Helping Pastors Respond to Domestic Abuse

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This blog is adapted from a workshop by Stephen McMullin of the Rave Project. The workshop was part of the CRC's recent Safe Church Conference. 

In evangelical churches, the person most likely to be the first contact of an abused spouse will be the pastor. That is why it is so important that pastors know how to respond and how to refer appropriately. Pastors who are the least equipped are least likely to refer appropriately.

As important as it is to partner with community organizations, there are barriers:

  • Eagerness of clergy to protect the institution of marriage, appealing to the victim’s marriage vows and Christian witness.
  • Abusers coaxing naïve pastors into being allies in seeking forgiveness and ensuring continued access.
  • Community advocates’ distrust of pastors.
  • Pastors who are reluctant to make referrals to professionals when needed.

If a pastor does not respond well, it can have dire consequences, for example:

  • If a victim of abuse approaches the pastor and does not get appropriate response, the individual may not seek help again for several years.
  • Suggesting marriage counseling or confronting the abuser may put the victim at higher risk.
  • A victim made to feel he or she is breaking marriage vows by leaving the abuser is more likely return to the abusive relationship.

Most clergy are poorly prepared to respond to victims of domestic violence. A recent study of 400 seminary students showed that first and second year students expected to be well prepared when they graduated for how to respond to domestic abuse. However, those surveyed when they were about to graduate indicated that they weren’t well prepared.

It is not enough for a pastor to know the phone number of the nearest shelter. It is much better for a pastor to visit a shelter and get to know the staff. Seminarians who visited a shelter and met with staff said it was the most important preparation they received in responding to domestic violence.

Posted in: Safe Church; Blog Photo courtesy of http://www.flickr.com/photos/christianacare/6756981719/in/photostream/ Image: See Credit

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Comments

Abuse is a serious issue.  But it is a complicated issue.  Especially it is complicated for Christians who desire to live their lives as examples of Christ.   There are so many aspects to it, and yet it is often treated as if there is only one type of abuse, and there is only one reason for it.    I know of a situation where a seven year old girl was constantly hitting her father.   It was her automatic reaction to any teasing or jokes or even innocent comments.  She hit him hard on the arm at meal times, and he just took it and said nothing about it, once in awhile making some empty threats which did not slow her down at all.  The father had been abused also by her mother, although they had been separated and divorced since shortly after the girl's birth.   But he took the abuse from his young daughter as almost a sign of affection.   Of course, she was getting older, and her hitting was beginning to hurt, and it was pretty constant, maybe twenty times at a meal.   Because someone told her to stop doing this, and also told him to stop allowing it (he was a single father), it did stop.   But without someone intervening, she was being inadvertently taught to be abusive.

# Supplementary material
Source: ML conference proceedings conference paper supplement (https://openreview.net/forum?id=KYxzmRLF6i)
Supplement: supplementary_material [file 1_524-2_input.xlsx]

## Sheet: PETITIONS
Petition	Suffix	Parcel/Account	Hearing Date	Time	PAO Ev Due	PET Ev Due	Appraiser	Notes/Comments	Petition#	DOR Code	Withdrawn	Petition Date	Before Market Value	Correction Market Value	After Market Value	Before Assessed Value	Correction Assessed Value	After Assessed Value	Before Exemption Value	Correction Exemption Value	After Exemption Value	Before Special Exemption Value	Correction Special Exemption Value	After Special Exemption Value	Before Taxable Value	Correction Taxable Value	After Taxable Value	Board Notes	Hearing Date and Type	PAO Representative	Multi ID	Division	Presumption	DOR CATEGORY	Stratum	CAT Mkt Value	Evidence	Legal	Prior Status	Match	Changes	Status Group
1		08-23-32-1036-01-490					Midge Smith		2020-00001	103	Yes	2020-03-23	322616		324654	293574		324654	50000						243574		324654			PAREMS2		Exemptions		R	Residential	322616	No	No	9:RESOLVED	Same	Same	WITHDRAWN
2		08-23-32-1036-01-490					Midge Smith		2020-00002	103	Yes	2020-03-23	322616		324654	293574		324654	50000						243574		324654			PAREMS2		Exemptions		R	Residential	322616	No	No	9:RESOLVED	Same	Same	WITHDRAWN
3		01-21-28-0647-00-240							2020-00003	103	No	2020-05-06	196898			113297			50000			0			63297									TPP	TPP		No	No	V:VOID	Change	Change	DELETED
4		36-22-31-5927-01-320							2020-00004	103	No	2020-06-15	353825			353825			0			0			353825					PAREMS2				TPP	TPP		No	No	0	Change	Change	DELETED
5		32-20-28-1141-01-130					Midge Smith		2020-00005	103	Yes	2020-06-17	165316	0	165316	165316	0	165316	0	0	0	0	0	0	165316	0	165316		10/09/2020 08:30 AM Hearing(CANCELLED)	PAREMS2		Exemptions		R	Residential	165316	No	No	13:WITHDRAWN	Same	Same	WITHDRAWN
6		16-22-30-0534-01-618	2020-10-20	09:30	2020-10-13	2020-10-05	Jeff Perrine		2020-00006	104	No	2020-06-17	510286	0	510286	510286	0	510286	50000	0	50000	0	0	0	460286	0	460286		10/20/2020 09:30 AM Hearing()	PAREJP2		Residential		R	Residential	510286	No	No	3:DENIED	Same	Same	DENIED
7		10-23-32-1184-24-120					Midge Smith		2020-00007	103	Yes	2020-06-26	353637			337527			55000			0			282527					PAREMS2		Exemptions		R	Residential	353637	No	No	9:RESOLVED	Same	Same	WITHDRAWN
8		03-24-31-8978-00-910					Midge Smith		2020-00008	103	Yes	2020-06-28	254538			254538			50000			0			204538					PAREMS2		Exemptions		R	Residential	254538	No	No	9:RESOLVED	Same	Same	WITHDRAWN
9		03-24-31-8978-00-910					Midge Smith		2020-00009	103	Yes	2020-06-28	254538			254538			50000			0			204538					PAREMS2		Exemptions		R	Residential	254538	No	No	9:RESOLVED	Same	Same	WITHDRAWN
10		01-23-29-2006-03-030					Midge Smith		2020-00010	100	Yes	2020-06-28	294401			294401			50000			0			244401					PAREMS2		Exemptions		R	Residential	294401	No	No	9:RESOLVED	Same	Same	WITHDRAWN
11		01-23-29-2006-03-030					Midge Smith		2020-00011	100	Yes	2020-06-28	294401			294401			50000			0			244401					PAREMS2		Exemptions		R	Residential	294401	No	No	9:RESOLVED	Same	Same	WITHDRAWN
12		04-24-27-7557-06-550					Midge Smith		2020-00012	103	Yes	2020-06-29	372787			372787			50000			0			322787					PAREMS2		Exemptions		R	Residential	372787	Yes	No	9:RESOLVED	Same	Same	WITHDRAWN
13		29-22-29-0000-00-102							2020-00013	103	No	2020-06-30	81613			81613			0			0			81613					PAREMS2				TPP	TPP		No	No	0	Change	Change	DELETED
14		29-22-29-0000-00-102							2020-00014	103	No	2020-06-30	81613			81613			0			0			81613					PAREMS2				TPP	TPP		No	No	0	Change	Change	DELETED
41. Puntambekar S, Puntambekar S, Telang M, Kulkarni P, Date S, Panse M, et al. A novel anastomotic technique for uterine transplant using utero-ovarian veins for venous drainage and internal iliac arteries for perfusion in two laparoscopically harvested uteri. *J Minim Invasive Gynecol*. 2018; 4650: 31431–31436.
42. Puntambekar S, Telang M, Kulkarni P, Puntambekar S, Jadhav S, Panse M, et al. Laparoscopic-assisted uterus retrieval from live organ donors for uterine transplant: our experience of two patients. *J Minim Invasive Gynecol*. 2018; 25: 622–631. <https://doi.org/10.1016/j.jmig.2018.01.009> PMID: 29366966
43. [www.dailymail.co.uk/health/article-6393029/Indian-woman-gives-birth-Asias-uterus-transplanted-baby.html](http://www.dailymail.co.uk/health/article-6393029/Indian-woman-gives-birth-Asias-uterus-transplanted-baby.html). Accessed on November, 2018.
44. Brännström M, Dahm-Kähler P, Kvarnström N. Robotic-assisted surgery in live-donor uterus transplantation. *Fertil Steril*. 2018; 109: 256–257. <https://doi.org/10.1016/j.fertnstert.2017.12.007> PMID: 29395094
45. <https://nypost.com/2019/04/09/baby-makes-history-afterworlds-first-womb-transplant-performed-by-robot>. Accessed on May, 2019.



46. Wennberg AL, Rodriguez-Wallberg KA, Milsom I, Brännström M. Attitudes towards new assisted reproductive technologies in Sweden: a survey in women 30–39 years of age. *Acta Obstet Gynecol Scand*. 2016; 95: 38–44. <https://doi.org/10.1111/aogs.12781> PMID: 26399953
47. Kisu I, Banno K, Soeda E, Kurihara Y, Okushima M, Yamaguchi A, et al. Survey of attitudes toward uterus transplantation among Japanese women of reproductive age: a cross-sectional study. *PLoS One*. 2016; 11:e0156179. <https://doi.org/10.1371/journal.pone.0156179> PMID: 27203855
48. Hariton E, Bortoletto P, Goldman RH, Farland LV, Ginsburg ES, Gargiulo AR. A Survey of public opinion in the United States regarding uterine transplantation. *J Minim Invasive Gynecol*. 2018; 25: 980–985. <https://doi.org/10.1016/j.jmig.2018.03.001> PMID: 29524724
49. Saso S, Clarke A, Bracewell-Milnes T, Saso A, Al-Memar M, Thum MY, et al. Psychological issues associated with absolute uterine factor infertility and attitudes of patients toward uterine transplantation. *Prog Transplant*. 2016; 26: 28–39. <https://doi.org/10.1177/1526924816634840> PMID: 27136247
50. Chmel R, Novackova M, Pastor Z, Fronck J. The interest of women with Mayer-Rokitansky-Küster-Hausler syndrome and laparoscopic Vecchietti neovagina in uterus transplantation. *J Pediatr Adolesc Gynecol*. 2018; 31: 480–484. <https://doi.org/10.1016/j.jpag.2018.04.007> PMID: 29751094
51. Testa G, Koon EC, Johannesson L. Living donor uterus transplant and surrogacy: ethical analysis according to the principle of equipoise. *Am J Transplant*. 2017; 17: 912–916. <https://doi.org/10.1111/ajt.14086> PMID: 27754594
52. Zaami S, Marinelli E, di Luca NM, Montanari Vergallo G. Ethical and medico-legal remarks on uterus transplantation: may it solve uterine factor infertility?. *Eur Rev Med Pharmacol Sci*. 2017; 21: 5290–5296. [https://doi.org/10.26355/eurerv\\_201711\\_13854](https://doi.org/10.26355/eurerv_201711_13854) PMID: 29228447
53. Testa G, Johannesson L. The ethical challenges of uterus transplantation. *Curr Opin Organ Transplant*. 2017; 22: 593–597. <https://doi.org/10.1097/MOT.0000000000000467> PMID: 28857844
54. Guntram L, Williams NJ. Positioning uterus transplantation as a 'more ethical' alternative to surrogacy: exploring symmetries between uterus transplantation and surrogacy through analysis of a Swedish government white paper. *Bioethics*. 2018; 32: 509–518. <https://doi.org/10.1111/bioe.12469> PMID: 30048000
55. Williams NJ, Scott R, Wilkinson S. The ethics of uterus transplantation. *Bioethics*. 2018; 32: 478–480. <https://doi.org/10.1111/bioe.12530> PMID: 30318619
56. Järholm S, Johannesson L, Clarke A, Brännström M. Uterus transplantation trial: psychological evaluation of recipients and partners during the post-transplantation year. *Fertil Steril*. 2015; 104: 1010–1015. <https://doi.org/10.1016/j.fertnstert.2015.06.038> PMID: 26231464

Often an abuser has caught this disease from his or her parents.   Or has not been innoculated against it by his parents or by his community. 

I know of another situation where a woman accused her husband of abuse.   But I also know that the woman herself was also rather "rough".   Eventually they permanently separated.   And another situation where a woman was threatened by her husband.  She perceived a high risk to her children and herself.   Based on counselling (not christian counselling), she was advised to not even talk to the man anymore.   Of course there are more details which I won't go into.   But the problem for me is how we deal with these situations as Christians.   It is simpler if we are not christians.   Well, the guy or the woman is not nice;  he's mean and rough;  we'll just separate and find someone better.  Simple.  Done.  

Is this also then the answer for Christians?   For Christians who promised for "better or for worse"?   Till death do us part?   In sickness or in health?    What distinguishes our lives and our approach as Christians to this issue?   

Contributor

Thanks for posting this important article. My prayer is that many pastors will take time to look at the RAVE website and become better prepared to deal with family violence that affects so many Christians.

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